I’d like to share in this post a quick setup using Docker containers for Ansible testing.

I wanted to create a small lab for my Ansible scripts testing. The natural option that came to my mind was to create some virtual machines with Virtualbox using Vagrant in order to automate that process. However as I’m using a Macbook with a chip Apple M1, Virtualbox is not supported on that hardware. I then decided to explore using containers instead of virtual machines.

The first step is to look after an existing docker image that would already have Ansible and Openssh installed. There is no need to reinvente the wheel in the age of space travelling so my colleague Jean-Philippe Clapot (our Docker guru!) quickly spotted the perfect image for my need: https://hub.docker.com/r/jcpowermac/alpine-ansible-ssh

The launch

As docker and Docker desktop are already installed on my laptop I just have to pull that image:

% docker pull jcpowermac/alpine-ansible-ssh

Then I can run some containers:

% docker run --name=controller --platform linux/amd64 -d jcpowermac/alpine-ansible-ssh
% docker run --name=target1 --platform linux/amd64 -d jcpowermac/alpine-ansible-ssh
% docker run --name=target2 --platform linux/amd64 -d jcpowermac/alpine-ansible-ssh

The idea for now is to have one container named “controller” on which I’ll write and run my Ansible scripts. Then, two target containers named “target1” and “target2” will be the targeting hosts of my scripts. Using containers instead of Virtual Machine give me plenty of spare resources to run much more of those bad boys when doing more advanced Ansible testing. Note the parameter --platform linux/amd64 which specify the platform to use on my Apple M1 chip. Without this parameter you get a warning but the container is properly created anyway.

All three containers are now up and running:

% docker ps
CONTAINER ID   IMAGE                           COMMAND                  CREATED          STATUS          PORTS     NAMES
786309da3987   jcpowermac/alpine-ansible-ssh   "/bin/ash -c '/usr/s…"   5 seconds ago    Up 4 seconds              target2
abe685b1f1ab   jcpowermac/alpine-ansible-ssh   "/bin/ash -c '/usr/s…"   28 seconds ago   Up 27 seconds             target1
e063d4e9267d   jcpowermac/alpine-ansible-ssh   "/bin/ash -c '/usr/s…"   44 seconds ago   Up 43 seconds             controller

The network

As this setup is only for temporary tests, I didn’t create a dedicated network for those containers. They all use the default bridge network in the default range 172.17.0.0/16.

The first container “controller” get the first free IP Address in this range which is 172.17.0.2/16 (172.17.0.1/16 is taken by the bridge interface. Each target will get the next free IP Address. We can check the IP Addresses assigned to the containers with the one-liner below:

% for i in $(docker ps|awk '{print $1}'|tail -n +2); do docker exec $i ip a|grep 172.17;done
    inet 172.17.0.4/16 brd 172.17.255.255 scope global eth0
    inet 172.17.0.3/16 brd 172.17.255.255 scope global eth0
    inet 172.17.0.2/16 brd 172.17.255.255 scope global eth0

We can now connect to the controller container and check the ansible version installed in this image:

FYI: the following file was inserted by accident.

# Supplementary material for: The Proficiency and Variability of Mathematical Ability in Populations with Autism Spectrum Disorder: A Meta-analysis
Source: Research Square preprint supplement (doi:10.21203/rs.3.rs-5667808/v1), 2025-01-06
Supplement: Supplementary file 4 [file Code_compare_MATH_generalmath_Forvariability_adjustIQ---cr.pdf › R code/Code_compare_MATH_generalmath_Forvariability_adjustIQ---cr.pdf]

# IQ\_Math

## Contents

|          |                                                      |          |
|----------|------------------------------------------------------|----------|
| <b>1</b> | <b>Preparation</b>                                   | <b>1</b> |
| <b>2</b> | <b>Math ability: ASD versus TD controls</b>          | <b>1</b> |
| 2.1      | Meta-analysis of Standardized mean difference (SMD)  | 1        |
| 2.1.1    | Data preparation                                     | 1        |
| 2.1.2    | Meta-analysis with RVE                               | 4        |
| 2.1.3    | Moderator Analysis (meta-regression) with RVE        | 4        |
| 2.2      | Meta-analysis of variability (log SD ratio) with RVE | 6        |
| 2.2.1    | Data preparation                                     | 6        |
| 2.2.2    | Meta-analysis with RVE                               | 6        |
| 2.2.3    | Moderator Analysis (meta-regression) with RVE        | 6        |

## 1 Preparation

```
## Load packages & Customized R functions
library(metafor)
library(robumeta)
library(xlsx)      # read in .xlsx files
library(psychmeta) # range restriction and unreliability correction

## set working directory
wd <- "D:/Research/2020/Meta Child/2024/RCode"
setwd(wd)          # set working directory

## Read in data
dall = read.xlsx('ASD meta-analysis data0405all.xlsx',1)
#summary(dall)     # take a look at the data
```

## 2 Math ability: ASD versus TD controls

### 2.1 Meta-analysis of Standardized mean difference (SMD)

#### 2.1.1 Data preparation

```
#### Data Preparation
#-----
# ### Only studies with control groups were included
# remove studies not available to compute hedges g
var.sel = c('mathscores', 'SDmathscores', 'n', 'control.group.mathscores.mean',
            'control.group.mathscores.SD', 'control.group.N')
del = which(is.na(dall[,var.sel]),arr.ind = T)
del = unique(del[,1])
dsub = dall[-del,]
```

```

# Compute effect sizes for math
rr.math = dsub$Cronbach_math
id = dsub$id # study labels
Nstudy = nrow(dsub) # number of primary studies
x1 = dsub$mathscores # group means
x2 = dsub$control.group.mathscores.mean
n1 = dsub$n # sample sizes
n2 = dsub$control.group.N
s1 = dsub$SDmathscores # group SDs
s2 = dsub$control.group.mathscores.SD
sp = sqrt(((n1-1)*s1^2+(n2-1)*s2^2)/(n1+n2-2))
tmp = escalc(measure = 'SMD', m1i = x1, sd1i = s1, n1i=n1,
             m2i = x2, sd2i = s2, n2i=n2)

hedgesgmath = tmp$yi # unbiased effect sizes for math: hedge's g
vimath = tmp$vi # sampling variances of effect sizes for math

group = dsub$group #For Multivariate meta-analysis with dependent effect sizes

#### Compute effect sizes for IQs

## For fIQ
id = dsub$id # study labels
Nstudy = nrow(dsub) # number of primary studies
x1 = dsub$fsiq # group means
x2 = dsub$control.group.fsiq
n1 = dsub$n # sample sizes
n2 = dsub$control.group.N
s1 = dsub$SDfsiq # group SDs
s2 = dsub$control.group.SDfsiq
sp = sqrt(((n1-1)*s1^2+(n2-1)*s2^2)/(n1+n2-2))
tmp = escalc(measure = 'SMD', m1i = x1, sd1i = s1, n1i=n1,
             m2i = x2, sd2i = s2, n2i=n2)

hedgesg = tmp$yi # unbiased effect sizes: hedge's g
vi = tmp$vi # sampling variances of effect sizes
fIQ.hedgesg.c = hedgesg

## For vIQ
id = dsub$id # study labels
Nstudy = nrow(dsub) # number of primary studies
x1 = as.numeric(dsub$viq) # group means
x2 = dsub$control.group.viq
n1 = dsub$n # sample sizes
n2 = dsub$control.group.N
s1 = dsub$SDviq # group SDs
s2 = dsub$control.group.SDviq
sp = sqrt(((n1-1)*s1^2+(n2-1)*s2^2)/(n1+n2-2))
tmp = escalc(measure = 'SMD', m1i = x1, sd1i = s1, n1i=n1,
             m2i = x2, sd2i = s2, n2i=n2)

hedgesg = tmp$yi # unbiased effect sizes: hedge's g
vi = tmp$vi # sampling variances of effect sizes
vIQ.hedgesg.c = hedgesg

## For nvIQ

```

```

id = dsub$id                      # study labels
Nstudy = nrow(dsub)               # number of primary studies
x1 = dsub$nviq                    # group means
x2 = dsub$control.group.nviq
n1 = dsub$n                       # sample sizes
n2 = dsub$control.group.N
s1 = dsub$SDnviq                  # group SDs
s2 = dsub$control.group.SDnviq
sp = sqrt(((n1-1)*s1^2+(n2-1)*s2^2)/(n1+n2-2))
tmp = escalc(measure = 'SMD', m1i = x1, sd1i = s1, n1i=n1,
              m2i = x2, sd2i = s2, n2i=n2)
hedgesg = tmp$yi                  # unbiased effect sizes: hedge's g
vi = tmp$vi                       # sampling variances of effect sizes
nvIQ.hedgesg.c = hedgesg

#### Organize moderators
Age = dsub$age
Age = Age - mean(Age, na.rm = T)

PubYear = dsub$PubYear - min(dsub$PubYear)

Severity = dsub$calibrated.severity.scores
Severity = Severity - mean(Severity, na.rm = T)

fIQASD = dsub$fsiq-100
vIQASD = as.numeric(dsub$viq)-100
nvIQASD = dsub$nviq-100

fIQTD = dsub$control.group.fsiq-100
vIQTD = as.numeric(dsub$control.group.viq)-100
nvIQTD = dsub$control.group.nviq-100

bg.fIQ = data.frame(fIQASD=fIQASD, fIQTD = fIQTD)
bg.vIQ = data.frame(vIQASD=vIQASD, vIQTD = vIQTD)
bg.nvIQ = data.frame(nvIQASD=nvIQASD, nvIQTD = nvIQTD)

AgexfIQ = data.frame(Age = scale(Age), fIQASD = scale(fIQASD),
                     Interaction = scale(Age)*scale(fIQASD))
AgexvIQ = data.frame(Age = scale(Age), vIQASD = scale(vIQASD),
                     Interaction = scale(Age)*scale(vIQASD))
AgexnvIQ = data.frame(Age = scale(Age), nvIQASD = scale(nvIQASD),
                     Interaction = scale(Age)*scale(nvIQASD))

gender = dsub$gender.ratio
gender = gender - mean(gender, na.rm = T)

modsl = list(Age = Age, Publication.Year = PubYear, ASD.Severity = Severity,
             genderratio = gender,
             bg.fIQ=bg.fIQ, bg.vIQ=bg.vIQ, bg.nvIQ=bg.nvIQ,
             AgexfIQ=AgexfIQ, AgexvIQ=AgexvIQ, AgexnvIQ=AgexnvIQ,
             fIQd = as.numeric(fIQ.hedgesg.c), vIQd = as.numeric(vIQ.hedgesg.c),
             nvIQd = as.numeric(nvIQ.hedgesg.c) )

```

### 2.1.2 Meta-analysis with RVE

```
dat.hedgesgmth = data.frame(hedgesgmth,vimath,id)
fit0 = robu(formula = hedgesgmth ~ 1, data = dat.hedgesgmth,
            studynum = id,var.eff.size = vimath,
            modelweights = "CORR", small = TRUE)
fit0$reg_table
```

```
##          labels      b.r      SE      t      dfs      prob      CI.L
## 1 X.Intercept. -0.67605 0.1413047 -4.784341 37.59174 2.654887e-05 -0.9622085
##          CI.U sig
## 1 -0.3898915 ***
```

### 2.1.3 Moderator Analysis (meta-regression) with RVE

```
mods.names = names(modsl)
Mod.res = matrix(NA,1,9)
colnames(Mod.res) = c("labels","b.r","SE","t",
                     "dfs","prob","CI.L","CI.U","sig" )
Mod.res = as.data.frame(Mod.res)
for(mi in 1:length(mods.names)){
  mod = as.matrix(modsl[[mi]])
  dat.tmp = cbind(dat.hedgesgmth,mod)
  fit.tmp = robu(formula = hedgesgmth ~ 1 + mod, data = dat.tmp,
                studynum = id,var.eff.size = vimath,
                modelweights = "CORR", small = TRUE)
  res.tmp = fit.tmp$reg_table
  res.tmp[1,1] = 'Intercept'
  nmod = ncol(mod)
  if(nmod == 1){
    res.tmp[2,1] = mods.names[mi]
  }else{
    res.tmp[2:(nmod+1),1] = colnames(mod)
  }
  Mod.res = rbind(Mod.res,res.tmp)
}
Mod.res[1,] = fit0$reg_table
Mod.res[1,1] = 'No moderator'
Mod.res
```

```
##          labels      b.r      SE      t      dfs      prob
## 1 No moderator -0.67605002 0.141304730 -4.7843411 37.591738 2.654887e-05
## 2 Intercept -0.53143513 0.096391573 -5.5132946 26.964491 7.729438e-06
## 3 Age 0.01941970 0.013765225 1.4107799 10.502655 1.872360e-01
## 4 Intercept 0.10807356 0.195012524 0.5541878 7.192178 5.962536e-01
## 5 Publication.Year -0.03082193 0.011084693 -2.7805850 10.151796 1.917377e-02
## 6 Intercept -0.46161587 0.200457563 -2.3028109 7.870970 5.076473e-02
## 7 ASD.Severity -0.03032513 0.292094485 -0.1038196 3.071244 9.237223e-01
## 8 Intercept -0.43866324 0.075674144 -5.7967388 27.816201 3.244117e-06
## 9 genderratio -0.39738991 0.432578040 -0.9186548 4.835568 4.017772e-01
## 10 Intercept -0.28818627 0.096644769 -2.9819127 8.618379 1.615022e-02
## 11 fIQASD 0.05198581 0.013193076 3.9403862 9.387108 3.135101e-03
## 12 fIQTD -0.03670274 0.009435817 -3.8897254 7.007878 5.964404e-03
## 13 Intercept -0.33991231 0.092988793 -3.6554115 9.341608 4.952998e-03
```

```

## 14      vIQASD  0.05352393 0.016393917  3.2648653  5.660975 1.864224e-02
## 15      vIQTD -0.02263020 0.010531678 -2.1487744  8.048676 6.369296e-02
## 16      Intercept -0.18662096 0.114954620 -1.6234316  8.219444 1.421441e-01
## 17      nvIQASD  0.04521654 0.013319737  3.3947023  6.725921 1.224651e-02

% docker exec -it controller /bin/sh
/ # id
uid=0(root) gid=0(root) groups=0(root),1(bin),2(daemon),3(sys),4(adm),6(disk),10(wheel),11(floppy),20(dialout),26(tape),27(video)

/ # ansible --version
ansible 2.7.2
  config file = None
  configured module search path = [u'/root/.ansible/plugins/modules', u'/usr/share/ansible/plugins/modules']
  ansible python module location = /usr/lib/python2.7/site-packages/ansible
  executable location = /usr/bin/ansible
  python version = 2.7.15 (default, Aug 16 2018, 14:17:09) [GCC 6.4.0]

This Docker image comes with the user ansible already created so let’s use it:

/ # su ansible
~/projects $ pwd
/home/ansible/projects
~/projects $ id
uid=1000(ansible) gid=1000(ansible) groups=1000(ansible)
~/projects $

We can first check the connectivity:

~/projects $ ssh 172.17.0.3
The authenticity of host '172.17.0.3 (172.17.0.3)' can't be established.
ECDSA key fingerprint is SHA256:ntBTgrAxi9bUSIb47U31BFzD4rE5ktFnwRxztqXFICE.
Are you sure you want to continue connecting (yes/no)? yes

~/projects $ ssh 172.17.0.4
The authenticity of host '172.17.0.4 (172.17.0.4)' can't be established.
ECDSA key fingerprint is SHA256:ntBTgrAxi9bUSIb47U31BFzD4rE5ktFnwRxztqXFICE.
Are you sure you want to continue connecting (yes/no)? yes

~/projects $

From the controller I can ssh to target1 and target2, my setup is now completed and I can start playing with Ansible.

The Ansible test

The first step is to create an inventory file in the home folder:

~/projects $ cat <<EOF > inventory.txt
target1 ansible_host=172.17.0.3
target2 ansible_host=172.17.0.4
EOF

We can then run a basic Ansible command against our both target:

~/projects $ ansible target* -m ping -i inventory.txt
target2 | SUCCESS => {
    "changed": false,
    "ping": "pong"
}
target1 | SUCCESS => {
    "changed": false,
    "ping": "pong"
}

All is working as expected, our test platform is now ready for more advanced Ansible testing.

Learn more on Ansible with our Training course: https://www.dbi-services.com/en/courses/ansible-basics/


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by
Benoît Entzmann